Carmi Wurtman recalls a childhood growing up in the Philadelphia area, with his grandfather’s house on Chestnut Street and his step-grandmother’s kosher-style hot dog business.
Today, Wurtman is the CEO of the Jerusalem-based 2b Vibes, one of the biggest concert promotion and production companies in Israel, organizing about 30 live music and entertainment events annually. He lives in Sho’eva, a moshav near Jerusalem, and has three kids ages 6, 9 and 12. But his journey to this point, which includes jobs as a bartender, process server, real estate broker, DJ and Microsoft engineer, has never been a straight and clear path.
“Being able to bring culture to a place that has a lot of hardships, I feel really proud,” Wurtman said. “It wasn’t even something I meant to get into.”
Wurtman spent his first eight years living in Lower Merion. His parents, Stuart and Enid Wurtman, were heavily involved in the Soviet Jewry movement. In the 1970s, they held leadership roles in the Soviet Jewry Council of the Jewish Community Relations Council.
“It was a short time in my life, but I have lots of memories,” Wurtman said. “It’s definitely on my bucket list to show my kids where I grew up.”
His parents’ work eventually moved the family to Jerusalem. Wurtman still returned to Philadelphia every summer for the next eight years to visit his grandparents, until they moved to Florida.
On his first day of school in Israel, he wore a Phillies hat and met Sha’anan Streett, who was wearing a Baltimore Orioles hat, a fact the two bonded over. Streett, now the frontman of Hadag Nahash, a hip-hop band in Israel, would become a lifelong friend.
“We both like having a good time,” Streett said. “We believe that it’s very important in life to enjoy yourself. We both appreciate good music and, you know, at this point in time, our kids are friends. We hang out. Our kids hang out.”
At the age of 18, like most Israelis, Wurtman went into the Israel Defense Forces. After his service there, he attended the University of Maryland, College Park for a year, where he studied business and psychology.
But the Gulf War soon broke out. Israel found itself under rocket fire from Iraq, and Wurtman decided to return home to be closer to his parents.
In Israel, though, Wurtman was confused about what he wanted to do. He started running a bar called the Border Cafe, located on the ’67 border. The bar, he said, attracted college students, yeshiva students and United Nations workers.
He ran it for about a year until it closed down. Then, he moved to New York City. He had a friend there who was working as a process server. The two started an agency together, which was successful, but Wurtman found he didn’t like the culture of the work.
His uncle, who lives in California, convinced him to move to the West Coast and try his hand at real estate. He got his license and worked as a mortgage broker for a year and a half. But he found that he missed his family and returned, once again, to Israel.
There, he worked for his father in real estate and studied television production. He had friends working at various bars throughout Jerusalem, and it was through them that he discovered Gotham City.
“It was a cool bar where the art community of Jerusalem hung out,” Wurtman said. “It was a late night place. … From the first day that I went to this bar, I ended up going every night of the week. It was a place [where] I felt very comfortable.”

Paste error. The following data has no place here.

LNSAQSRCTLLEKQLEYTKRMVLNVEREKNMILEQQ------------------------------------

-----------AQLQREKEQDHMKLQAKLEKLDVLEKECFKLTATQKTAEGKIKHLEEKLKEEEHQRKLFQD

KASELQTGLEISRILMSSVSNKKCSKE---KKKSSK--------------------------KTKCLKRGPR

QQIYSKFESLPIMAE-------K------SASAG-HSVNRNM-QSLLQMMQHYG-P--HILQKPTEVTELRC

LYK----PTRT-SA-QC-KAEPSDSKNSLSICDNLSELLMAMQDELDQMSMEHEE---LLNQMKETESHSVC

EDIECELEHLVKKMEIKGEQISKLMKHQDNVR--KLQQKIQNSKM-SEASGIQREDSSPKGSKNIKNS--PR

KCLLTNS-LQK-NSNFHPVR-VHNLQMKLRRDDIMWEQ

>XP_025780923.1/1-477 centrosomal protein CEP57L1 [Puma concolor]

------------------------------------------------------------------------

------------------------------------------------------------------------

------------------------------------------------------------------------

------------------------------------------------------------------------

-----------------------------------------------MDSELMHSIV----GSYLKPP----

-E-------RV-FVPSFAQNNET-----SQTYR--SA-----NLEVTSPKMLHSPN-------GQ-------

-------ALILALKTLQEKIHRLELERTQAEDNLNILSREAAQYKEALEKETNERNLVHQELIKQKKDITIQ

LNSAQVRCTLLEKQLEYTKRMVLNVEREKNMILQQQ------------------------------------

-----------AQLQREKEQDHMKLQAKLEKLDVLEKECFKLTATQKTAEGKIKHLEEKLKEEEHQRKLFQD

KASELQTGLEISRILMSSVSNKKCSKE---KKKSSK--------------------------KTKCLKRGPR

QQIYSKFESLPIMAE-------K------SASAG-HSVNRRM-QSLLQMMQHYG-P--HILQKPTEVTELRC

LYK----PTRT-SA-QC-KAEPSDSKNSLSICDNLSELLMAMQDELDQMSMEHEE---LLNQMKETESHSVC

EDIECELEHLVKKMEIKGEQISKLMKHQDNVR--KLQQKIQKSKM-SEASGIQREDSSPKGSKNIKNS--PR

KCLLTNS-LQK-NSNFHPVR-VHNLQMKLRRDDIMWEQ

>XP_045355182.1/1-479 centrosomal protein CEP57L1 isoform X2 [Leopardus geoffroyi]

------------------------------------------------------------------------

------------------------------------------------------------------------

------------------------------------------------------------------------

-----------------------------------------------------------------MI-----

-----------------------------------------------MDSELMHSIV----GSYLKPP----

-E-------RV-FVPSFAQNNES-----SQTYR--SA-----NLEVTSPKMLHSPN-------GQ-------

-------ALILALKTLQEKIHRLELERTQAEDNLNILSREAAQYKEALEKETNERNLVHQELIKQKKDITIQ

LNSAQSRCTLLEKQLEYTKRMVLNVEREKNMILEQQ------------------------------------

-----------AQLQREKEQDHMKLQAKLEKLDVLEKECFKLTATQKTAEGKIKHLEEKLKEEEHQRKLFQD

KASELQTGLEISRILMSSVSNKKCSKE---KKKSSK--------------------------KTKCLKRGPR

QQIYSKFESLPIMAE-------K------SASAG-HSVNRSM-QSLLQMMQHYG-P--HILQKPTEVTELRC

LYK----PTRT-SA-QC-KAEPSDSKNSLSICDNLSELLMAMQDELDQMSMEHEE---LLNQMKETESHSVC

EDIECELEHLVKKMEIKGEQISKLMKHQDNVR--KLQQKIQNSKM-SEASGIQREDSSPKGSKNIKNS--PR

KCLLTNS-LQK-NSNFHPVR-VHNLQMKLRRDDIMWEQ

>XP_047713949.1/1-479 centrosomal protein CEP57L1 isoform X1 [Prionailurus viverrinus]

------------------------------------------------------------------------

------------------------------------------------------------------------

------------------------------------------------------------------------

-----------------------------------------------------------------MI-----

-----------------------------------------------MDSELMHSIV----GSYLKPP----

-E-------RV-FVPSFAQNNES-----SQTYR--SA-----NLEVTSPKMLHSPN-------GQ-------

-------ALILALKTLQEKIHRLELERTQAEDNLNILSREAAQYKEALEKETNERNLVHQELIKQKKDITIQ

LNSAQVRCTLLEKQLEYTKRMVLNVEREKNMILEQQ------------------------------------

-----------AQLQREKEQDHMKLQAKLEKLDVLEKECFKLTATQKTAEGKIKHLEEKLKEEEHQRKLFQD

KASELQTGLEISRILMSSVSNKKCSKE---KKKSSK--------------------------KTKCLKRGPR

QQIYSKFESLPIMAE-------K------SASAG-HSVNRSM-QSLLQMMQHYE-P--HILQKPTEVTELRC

Six months after he found Gotham City, he learned the bar was going to close. But he knew he would do whatever it took to help reopen it.
Two weeks later, he did just that, starting him in yet another new direction. For the next two years, he was the owner and occasionally the DJ at Gotham City. Streett’s band, Hadag Nahash, had its first two shows there.
Wurtman also expanded Gotham City into a nightclub called Gotham Club.
But Wurtman eventually grew tired of the nightclub life. After taking a coast-to-coast trip of the United States, he became certified as a Microsoft engineer and got into high tech.
Streett then approached him with an idea for a nonprofit that would set Wurtman on his current path.
The idea was the One Shekel Festival. Together, the two would put on festivals in poor parts of Israel for only one shekel, allowing people who otherwise wouldn’t be able to afford it to attend.
“Financial differences and geographic differences shouldn’t be a reason to have cultural disconnection between us,” Streett said. “For some reason, I thought Carmi could help out, and I was right. … I knew that Carmi was a guy who wasn’t afraid of challenges.”
In the beginning, they didn’t know if they were going to be able raise the funds to pull the festival off, but it was a success.
That first year, they put on festivals in Kiryat Shmona, Sderot and the Jerusalem neighborhood of Katamonim, each attended by thousands. The second year, they also started putting on empowerment classes for teenagers. Over the next 11 years, One Shekel put on 40 festivals.
Running One Shekel, Wurtman started getting approached about putting on and promoting other concerts, leading to the creation of 2b Vibes. Through the production and promotion company, he has worked with international talent, including The Black Eyed Peas, Regina Spektor and Paul Young, among others. 2b Vibes has also produced the Matisyahu: Live in Israel DVD and supplied the Middle East production services for the Sacha Baron Cohen film, Brüno.
Between artists sometimes canceling at the last minute and even the threat of war hanging over the country, working as a concert promoter and producer in Israel can present unique challenges.
But Wurtman sees his job as a privilege.
“Today, I just enjoy putting on events,” Wurtman said. “My job is just to go around the country making people happy.”
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